North Eugene County Commission discussion at City Club involved talk of the Human Services Commission. by Pat FarrMonday, April 16th, 2012
I had a debate with Rob Handy and Nadia Sindi on Thursday April 12 at a special meeting of the Eugene City Club held at Trinity Methodist Church on Maxwell Road in North Eugene.
The format is not exactly debate: the other two and I only had about six minutes to ask questions of each other, the rest of the time being spent responding to questions from the mediator or the audience. Still it was a good opportunity to air some issues.
(I would welcome a Lincoln-Douglas debate format which involves direct discussion and questioning of one another by the debaters.)
I took time to talk about issues such as public safety, water rights, environment and human services. The others spent some of their time tossing remarks at their competitors. Nadia, for instance, spent a lot of time talking about ethics and secret meetings while looking at Handy, who spent a lot of time talking about my “ultra-conservative” leanings.
Nadia’s comments seemed to be an accurate reflection of what has been reported often in the media while Handy’s seemed more of a rant, at one point suggesting falsely that I had received contributions from a source that had not contributed to my campaign. Such is campaigning for some.
One point I wanted to make was that the Human Services Commission is conducting a “Thriving Communities Summit on April 24 at the U of O Ford Alumni Center Ballroom. Follow this link for more details. It will be a gathering of more than a hundred engaged men and women from the community to see how we can meet the challenge of building a healthy, prosperous, safe and educated Lane County based on our collective strengths and efforts. My wife Debi Farr and I are among the invited participants.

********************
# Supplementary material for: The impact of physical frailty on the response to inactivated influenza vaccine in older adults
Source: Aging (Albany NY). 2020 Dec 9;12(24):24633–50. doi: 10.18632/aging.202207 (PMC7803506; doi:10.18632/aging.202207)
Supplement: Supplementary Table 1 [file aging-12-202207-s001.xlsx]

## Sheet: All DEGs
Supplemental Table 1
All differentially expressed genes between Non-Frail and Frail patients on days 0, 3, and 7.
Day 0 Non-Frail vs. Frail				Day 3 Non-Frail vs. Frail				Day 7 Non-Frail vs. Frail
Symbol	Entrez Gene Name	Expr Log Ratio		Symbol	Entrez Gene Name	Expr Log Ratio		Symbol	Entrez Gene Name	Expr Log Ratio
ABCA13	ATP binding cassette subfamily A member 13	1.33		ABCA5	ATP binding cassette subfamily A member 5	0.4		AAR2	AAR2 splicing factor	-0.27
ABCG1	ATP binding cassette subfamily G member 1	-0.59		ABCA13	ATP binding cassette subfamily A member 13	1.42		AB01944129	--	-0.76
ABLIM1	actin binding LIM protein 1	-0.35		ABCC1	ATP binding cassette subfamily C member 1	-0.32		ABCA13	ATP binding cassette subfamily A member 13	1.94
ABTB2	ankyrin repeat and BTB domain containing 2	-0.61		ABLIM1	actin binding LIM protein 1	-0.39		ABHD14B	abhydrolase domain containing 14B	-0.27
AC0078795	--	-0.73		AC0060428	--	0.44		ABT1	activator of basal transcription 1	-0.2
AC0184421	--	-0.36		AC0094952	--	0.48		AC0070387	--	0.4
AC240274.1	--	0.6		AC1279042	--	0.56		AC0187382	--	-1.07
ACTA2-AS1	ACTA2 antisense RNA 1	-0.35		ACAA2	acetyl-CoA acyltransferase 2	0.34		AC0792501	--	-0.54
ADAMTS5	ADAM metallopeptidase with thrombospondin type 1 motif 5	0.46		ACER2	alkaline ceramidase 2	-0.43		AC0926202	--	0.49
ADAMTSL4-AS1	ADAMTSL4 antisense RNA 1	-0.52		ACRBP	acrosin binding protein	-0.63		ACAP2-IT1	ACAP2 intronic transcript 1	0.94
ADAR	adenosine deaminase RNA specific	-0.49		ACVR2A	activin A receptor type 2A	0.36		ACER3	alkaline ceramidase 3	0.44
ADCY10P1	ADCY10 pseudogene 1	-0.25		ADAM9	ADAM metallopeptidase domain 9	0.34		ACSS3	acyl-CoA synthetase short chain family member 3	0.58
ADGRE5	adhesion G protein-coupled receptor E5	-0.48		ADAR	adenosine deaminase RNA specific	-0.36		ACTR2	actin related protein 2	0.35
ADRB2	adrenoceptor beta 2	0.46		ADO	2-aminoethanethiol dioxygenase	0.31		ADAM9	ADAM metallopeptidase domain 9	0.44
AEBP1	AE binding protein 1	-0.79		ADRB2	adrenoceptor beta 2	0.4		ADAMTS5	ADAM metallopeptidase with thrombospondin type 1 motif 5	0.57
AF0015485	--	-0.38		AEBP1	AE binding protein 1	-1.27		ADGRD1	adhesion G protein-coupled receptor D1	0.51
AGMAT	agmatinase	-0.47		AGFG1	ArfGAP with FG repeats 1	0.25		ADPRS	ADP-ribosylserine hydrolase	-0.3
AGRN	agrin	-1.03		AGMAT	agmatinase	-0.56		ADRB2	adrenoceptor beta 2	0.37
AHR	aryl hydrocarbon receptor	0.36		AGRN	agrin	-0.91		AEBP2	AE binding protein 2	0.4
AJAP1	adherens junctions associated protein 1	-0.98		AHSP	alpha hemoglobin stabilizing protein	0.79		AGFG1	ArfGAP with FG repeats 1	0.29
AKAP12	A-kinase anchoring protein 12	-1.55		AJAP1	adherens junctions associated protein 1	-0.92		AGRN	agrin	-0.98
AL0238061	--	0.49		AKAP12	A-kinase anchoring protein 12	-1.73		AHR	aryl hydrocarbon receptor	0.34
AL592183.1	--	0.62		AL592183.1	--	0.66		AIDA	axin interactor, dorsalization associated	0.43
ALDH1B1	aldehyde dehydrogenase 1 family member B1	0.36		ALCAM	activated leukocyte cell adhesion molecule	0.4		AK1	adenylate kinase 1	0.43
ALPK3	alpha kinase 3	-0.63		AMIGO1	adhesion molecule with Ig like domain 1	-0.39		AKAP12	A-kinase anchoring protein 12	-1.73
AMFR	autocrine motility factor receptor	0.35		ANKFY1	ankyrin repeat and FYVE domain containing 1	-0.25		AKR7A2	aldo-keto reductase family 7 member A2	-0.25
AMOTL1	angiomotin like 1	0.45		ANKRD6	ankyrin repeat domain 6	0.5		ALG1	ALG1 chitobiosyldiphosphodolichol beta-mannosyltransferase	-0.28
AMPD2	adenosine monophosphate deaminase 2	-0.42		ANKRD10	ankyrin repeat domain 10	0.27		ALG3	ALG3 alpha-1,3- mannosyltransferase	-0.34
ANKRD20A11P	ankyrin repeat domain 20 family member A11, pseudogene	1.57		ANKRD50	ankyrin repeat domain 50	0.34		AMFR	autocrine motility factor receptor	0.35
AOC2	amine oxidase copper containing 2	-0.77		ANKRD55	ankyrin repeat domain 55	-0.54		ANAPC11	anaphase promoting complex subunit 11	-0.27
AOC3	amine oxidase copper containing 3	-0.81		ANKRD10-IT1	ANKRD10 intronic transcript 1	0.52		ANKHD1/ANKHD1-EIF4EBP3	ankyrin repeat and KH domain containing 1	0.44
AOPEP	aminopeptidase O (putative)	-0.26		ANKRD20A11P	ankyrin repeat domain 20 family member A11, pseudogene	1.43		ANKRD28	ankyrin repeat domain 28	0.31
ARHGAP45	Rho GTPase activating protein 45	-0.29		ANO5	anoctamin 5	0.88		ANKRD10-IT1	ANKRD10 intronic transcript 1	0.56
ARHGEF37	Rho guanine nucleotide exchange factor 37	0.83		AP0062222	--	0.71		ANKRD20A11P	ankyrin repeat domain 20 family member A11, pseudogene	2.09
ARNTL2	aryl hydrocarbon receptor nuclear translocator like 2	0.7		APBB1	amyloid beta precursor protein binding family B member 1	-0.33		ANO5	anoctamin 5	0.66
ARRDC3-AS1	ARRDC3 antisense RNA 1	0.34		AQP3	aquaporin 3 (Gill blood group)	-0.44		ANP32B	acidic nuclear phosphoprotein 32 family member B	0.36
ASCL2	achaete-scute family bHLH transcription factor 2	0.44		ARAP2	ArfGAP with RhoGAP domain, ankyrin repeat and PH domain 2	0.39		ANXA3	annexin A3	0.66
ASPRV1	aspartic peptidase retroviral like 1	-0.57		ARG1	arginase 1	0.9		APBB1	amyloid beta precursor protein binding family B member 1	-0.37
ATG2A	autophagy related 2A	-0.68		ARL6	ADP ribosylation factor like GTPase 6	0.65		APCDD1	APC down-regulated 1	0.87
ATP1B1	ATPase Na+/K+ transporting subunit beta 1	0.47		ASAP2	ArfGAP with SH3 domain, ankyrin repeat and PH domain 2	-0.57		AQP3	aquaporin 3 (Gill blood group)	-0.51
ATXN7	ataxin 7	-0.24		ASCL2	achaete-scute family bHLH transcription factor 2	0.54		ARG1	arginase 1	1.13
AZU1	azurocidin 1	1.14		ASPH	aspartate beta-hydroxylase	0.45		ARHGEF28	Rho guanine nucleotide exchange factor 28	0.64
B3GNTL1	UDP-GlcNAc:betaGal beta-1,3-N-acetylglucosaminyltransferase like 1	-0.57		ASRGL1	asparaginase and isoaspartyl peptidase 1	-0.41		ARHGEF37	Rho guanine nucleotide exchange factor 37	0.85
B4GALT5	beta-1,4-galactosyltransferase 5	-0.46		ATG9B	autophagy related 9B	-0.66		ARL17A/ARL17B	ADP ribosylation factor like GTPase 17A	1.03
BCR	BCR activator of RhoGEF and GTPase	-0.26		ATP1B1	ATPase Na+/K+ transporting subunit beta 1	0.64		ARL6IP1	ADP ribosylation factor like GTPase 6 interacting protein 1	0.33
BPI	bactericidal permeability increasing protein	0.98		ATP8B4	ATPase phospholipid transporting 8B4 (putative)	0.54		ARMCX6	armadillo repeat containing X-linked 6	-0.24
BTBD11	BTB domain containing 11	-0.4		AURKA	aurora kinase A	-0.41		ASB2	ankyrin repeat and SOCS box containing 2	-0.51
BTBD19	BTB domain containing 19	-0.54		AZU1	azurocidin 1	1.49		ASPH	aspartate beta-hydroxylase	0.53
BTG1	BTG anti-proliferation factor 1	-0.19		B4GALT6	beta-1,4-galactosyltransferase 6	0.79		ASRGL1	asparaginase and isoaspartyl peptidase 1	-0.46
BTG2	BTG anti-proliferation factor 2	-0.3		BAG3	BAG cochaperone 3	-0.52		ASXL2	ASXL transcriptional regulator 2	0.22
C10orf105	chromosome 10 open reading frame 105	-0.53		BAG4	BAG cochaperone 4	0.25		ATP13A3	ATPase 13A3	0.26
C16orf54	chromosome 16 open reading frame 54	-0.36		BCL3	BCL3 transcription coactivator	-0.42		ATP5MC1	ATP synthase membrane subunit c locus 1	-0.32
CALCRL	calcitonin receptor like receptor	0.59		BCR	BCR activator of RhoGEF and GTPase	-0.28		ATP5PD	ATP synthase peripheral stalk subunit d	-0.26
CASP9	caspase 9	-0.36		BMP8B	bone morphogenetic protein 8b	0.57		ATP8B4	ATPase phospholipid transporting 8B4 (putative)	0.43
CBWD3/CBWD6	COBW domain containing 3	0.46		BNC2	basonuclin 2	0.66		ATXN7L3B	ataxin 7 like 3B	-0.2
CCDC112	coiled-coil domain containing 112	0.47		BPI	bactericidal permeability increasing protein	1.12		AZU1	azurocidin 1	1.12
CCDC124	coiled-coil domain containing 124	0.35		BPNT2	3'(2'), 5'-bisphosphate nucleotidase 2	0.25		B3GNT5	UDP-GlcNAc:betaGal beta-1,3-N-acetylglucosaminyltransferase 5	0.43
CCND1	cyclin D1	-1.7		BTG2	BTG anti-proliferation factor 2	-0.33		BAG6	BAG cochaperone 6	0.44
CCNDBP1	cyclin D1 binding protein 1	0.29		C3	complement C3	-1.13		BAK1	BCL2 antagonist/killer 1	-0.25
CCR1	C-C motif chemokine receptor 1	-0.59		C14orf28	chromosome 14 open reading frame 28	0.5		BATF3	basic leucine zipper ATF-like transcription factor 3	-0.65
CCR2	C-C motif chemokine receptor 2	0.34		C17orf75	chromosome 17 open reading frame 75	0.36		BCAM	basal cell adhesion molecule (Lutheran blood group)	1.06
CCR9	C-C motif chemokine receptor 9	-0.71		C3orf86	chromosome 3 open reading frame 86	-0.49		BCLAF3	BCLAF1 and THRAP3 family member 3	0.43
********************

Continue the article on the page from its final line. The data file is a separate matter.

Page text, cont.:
There are three stated purposes of the Summit:
1. Explore ways for organizations bo build a thriving community together.
2. Strategize how to leverage recent community innovations to meet current and future challenges, and,
3. Learn about successful efforts that have made a difference in the quality of life for many local residents.
It’s a four-hour round-table that will actively engage the delegates who represent local business, education, government and human services.
When I spoke of my participation in the planning effort, Handy unfortunately disdained it, saying that he had been involved with the Human Services Commission since he took office about three years ago while I had recently become involved in human services “Just in time for the election.”
The audience largely sniggered, most of them knowing about my decades of work with hunger, shelter and education .
I fell into the spirit of the debate for a moment by letting Handy know, it seems for the first time, that Mayor Ruth Bascom first appointed me to the Commission 17 years ago.
You can listen to an hour of the City Club discussion on KLCC tonight (April 16) at 6 pm. You can listen to the audio archive of the discussion here.
For more about the election go here.